Continuing a conversation we were privileged to host Sunday, and will keep up in the weeks ahead, The News-Gazette asked African-American community leaders to share their stories and solutions in the wake of George Floyd's killing.
Featured today: KAREN SIMMS, coordinator of C-U Trauma and Resiliency Initiative.
'I am 53, and I have never known a life that was not affected by police action shootings'
By KAREN SIMMS
Long ago, I decided that I could not attend another protest march. I fear that my stance is unpopular, especially at this moment, when there is so much attention on the murder of George Floyd, the ensuing protests and pockets of civil unrest.
I want to do something. However, I am still reeling from the deaths of Ahmaud Arbrey and Breonna Taylor — innocent victims of other recent acts of racialized terror and violence.
My refusal to march is my small way of dissenting. I know that if I give my energy for protest, I will not have much left to focus on love, peace and healing. So, I stay planted.
Two Sundays ago, to fortify my resolve, I decided to take a trip down memory lane and reflect on my first organized effort regarding a police action shooting. During a call with my mother, she reminded me that I was nine or 10 years old; it occurred in Tampa in the late ’70s.
She described how I dragged her to meetings with marathon strategy sessions, during which people planned organized acts of civil disobedience and strategies for change — there was always a 10-point plan.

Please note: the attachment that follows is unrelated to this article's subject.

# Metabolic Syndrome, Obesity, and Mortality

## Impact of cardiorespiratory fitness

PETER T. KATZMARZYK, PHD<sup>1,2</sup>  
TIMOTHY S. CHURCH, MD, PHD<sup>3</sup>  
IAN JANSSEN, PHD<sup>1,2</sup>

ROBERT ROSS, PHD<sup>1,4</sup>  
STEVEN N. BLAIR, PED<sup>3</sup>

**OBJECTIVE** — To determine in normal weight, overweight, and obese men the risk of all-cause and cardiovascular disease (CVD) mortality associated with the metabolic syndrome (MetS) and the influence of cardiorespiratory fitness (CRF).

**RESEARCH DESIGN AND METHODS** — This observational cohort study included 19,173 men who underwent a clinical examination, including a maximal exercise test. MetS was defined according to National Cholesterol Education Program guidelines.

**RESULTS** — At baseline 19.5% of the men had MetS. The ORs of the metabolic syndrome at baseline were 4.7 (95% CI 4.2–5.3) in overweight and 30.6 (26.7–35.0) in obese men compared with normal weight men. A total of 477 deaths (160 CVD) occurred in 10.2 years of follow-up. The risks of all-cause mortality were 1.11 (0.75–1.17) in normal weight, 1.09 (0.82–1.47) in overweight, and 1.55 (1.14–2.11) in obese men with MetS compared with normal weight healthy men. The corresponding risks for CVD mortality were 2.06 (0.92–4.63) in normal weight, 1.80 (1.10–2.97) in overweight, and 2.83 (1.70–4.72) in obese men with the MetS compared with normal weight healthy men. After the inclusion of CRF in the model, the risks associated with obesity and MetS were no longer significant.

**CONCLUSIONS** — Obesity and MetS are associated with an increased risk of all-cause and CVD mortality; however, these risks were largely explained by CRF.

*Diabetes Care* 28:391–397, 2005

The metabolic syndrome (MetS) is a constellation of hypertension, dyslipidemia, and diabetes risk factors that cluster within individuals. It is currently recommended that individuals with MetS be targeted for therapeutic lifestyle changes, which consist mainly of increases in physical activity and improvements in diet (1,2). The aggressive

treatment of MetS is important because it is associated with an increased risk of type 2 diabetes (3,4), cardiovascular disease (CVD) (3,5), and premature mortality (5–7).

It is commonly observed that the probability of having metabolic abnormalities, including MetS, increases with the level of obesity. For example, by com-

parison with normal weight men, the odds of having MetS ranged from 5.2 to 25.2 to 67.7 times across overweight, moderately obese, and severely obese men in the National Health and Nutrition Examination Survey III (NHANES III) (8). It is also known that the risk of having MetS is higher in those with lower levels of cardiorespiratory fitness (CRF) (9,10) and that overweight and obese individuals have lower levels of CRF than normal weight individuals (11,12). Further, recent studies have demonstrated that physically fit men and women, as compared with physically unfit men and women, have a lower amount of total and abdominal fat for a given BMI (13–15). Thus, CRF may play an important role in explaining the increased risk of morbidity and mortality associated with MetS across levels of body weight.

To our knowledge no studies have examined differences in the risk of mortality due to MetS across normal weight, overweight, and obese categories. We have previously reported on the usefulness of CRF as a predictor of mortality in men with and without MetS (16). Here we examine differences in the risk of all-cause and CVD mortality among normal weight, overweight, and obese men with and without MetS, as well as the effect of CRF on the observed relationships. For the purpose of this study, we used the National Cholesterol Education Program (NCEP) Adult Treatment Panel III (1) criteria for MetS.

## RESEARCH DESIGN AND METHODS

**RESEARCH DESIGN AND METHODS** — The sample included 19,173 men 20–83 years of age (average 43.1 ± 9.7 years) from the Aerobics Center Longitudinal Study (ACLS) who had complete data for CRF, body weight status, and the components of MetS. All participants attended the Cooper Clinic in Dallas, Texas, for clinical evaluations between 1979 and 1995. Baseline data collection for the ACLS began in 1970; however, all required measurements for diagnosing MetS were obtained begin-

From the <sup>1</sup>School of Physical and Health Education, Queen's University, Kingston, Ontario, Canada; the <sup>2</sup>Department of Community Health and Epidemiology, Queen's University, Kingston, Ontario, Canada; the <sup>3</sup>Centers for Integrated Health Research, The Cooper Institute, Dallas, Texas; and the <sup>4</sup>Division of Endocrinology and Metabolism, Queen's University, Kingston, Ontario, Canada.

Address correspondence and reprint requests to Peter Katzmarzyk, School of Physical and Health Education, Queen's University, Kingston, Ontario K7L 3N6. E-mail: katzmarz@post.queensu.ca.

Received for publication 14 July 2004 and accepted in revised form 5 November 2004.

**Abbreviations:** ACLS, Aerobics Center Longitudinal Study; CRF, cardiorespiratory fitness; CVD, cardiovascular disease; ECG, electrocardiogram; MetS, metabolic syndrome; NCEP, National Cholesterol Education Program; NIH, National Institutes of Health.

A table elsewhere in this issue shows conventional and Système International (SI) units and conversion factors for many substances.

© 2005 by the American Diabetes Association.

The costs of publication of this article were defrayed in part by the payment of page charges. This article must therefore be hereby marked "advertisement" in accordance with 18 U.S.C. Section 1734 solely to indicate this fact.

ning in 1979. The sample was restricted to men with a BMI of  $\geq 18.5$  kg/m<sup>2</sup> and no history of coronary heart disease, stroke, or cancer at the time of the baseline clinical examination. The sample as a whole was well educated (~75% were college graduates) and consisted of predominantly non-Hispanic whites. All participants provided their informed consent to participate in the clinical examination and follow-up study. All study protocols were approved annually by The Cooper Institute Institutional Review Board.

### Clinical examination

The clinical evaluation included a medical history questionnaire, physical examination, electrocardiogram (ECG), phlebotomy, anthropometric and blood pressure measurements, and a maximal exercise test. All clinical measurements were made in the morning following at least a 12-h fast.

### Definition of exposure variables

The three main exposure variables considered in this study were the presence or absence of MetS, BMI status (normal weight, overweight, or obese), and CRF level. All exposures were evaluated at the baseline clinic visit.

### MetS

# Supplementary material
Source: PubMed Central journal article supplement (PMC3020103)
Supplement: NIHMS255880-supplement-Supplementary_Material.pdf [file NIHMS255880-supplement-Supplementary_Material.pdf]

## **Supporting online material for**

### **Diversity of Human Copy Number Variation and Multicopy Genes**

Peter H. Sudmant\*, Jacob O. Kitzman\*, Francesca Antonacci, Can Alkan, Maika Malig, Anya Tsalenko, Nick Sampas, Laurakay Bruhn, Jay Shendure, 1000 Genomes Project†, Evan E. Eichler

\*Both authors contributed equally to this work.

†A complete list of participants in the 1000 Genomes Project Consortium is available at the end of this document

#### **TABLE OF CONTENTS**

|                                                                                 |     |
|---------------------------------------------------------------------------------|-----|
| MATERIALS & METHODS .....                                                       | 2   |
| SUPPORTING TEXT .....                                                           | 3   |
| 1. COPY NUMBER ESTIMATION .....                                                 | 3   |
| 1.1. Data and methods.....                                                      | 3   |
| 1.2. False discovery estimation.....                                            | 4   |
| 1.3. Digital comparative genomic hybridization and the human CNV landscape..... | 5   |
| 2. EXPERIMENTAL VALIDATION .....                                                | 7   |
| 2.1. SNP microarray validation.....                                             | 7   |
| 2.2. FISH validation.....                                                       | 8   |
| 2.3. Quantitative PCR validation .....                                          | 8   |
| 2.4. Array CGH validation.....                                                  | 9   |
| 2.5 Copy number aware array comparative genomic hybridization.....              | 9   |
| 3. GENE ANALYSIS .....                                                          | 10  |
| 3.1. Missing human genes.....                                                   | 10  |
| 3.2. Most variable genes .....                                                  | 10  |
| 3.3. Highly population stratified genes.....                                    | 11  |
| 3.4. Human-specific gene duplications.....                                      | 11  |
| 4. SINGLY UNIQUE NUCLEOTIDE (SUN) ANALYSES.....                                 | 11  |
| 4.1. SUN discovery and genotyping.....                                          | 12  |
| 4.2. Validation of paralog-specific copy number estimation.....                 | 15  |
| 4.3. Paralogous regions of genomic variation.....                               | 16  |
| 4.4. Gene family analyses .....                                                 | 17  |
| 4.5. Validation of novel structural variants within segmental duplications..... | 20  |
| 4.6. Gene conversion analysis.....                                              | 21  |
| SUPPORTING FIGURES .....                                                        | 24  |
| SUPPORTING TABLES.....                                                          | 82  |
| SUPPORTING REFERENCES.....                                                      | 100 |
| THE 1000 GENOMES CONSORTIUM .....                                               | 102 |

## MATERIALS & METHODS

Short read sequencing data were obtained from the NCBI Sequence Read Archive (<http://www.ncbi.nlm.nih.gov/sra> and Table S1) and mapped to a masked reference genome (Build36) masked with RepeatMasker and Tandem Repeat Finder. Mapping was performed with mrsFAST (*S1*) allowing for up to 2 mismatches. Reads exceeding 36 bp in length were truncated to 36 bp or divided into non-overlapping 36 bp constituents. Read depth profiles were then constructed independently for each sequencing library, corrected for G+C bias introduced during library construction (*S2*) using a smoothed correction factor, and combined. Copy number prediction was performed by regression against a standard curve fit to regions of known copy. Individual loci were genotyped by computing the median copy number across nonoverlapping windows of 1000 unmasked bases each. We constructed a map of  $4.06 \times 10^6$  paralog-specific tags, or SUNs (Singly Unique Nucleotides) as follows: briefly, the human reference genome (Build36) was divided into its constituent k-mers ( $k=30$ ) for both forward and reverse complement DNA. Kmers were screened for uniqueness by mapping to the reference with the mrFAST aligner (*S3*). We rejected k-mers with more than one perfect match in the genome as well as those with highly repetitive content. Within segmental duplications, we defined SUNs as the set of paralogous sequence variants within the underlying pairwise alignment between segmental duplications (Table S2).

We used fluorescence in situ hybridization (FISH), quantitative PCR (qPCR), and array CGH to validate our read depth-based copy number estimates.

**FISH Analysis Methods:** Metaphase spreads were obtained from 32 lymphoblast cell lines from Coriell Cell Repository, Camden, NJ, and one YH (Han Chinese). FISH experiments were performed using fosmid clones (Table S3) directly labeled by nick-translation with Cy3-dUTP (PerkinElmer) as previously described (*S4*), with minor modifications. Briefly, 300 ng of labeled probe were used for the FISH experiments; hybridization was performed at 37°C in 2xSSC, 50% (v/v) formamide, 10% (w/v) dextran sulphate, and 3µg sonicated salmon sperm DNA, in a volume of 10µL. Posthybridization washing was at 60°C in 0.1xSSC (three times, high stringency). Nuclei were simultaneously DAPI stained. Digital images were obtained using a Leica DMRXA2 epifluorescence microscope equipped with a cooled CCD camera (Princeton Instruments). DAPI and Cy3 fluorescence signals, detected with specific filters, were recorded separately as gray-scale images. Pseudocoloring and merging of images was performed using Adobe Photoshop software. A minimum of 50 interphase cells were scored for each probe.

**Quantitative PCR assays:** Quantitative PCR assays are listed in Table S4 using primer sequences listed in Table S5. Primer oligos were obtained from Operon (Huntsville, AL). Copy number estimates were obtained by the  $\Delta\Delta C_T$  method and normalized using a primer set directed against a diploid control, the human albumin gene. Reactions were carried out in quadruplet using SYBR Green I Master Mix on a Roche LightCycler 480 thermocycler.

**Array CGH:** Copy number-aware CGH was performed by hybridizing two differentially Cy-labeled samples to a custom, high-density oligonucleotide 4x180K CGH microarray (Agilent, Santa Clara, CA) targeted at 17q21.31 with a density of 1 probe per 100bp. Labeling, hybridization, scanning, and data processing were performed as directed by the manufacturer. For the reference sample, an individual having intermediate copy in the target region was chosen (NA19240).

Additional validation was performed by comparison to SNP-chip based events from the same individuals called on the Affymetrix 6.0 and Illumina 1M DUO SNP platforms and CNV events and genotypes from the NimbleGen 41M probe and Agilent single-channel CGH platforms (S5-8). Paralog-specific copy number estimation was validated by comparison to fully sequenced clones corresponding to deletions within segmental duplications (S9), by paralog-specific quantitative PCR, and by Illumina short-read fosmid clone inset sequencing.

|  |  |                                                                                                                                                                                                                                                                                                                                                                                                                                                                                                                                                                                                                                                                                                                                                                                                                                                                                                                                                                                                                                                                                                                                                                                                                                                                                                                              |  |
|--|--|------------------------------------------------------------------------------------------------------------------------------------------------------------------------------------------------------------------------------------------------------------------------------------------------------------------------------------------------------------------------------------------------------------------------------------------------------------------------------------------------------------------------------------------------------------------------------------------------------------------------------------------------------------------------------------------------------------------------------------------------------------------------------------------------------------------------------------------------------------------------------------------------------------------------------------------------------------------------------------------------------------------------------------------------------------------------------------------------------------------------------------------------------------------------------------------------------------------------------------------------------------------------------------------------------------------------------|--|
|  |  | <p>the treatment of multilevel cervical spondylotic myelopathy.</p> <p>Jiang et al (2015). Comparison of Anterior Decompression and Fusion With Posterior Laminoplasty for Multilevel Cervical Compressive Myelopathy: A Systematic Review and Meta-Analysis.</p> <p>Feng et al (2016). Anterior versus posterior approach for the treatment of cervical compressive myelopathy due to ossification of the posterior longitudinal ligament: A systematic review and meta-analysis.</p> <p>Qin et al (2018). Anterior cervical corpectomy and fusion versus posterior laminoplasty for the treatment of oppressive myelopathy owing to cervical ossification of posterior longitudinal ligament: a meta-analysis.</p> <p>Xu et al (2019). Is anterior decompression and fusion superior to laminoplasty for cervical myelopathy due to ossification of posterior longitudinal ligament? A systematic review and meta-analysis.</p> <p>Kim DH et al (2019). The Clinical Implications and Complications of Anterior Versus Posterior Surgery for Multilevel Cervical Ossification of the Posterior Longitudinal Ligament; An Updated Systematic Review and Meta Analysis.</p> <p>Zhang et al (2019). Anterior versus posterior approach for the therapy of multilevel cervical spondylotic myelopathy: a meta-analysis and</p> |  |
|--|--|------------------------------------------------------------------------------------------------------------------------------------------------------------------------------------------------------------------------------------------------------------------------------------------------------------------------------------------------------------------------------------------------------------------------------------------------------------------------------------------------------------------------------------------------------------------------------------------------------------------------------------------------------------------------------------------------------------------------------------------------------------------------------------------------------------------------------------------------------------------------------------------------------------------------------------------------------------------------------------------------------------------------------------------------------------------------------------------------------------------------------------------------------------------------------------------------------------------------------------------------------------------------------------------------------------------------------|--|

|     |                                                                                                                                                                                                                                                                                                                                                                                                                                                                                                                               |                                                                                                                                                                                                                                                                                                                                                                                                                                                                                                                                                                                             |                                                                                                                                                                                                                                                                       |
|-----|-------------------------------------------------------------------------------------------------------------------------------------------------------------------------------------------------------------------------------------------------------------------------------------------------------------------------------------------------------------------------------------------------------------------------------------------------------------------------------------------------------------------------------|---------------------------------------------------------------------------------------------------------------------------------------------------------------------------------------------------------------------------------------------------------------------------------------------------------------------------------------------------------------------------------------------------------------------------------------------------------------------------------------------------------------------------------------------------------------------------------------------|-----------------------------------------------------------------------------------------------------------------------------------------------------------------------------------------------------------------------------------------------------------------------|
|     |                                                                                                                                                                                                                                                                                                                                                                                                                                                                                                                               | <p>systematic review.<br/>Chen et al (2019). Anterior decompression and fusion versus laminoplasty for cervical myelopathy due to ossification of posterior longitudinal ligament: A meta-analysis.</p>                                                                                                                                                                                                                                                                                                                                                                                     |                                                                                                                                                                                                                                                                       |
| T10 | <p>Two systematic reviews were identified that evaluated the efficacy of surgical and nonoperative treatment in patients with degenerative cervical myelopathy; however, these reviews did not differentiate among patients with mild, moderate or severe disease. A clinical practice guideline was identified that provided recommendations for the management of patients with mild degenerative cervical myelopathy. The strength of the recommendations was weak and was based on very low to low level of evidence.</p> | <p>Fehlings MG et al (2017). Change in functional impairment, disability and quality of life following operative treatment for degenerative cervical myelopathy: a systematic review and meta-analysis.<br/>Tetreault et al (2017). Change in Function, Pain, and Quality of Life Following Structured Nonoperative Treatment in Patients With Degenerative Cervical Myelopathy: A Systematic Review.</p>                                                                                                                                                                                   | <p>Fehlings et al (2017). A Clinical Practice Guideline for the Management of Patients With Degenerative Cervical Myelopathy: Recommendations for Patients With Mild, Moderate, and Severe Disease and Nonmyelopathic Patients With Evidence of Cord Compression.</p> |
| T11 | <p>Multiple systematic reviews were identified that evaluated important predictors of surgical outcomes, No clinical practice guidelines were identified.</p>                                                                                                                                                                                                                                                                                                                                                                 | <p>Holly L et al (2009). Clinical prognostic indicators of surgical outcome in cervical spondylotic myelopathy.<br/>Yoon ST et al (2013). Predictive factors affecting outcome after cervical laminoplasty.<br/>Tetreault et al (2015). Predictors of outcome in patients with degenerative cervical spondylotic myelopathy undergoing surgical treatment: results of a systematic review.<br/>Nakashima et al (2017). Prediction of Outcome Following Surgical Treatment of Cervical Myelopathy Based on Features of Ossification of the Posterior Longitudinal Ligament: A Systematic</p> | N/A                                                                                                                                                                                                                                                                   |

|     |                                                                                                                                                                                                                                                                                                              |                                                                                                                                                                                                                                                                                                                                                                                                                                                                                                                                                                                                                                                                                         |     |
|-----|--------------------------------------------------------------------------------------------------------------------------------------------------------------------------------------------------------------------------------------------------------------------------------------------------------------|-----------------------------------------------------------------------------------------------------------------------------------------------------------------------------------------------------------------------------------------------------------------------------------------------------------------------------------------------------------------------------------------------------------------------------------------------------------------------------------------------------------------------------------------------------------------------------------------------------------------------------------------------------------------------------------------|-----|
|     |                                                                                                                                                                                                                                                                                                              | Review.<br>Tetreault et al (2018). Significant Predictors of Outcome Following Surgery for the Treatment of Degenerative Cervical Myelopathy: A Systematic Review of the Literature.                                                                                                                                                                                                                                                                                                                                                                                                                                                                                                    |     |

While googling the incident, I discovered that six months after I was born, there were riots in my hometown after an unarmed black teenager named Martin Chambers was shot and killed by law enforcement. Faces change. Stories stay the same.
I am 53, and I have never known a life that was not affected by police action shootings throughout various cities and states. Something this pervasive is more than situational. It is systemic.
These shootings are not just devastating to the victims’ families, friends, coworkers and peers; entire communities are scared. Being injured at the hands of someone who is supposed to protect you is terrifying and causes deep, long-lasting harm.
When that sacred trust is violated, fear and powerlessness result, leaving individuals, families and communities feeling devalued — as though their lives do not matter. The pain of such incidents is now compounded by media and technology. These stories are transmitted across the nation and reinforce feelings of powerlessness and hopeless.
Images of police brutality become racial terrorism, which by design is disempowering and wounds the soul of a community — for generations. That is why I fight so hard to create trauma-informed communities.
Recently, I was ridiculed about advocating for Champaign County to be a trauma-informed community. However, when I think about what we know heals individuals, families and communities, trauma-informed simply captures what is best.
So, I will take a risk and once again champion the vision of making C-U a trauma-informed community with policies, procedures and practices that create equity, resilience, growth, success and healing.
Trauma-informed communities are physically and emotionally safe. They embody an awareness of trauma. They are relational and empowering. They have policies that are transparent and build trust. They are collaborative and cooperative. They are culturally responsive. They ensure that the people who are most impacted by a problem have voice and choice over those policies and practices.
By default, trauma-informed communities have trauma-informed policing. This vision of our collective capacity to build trauma-informed and resilient communities helps me maintain hope and lovingly get up to fight yet another day.
If you’d like to share your story, email Editor Jeff D’Alessio at email@example.com.
Karen Simms is the coordinator of C-U Trauma and Resiliency Initiative.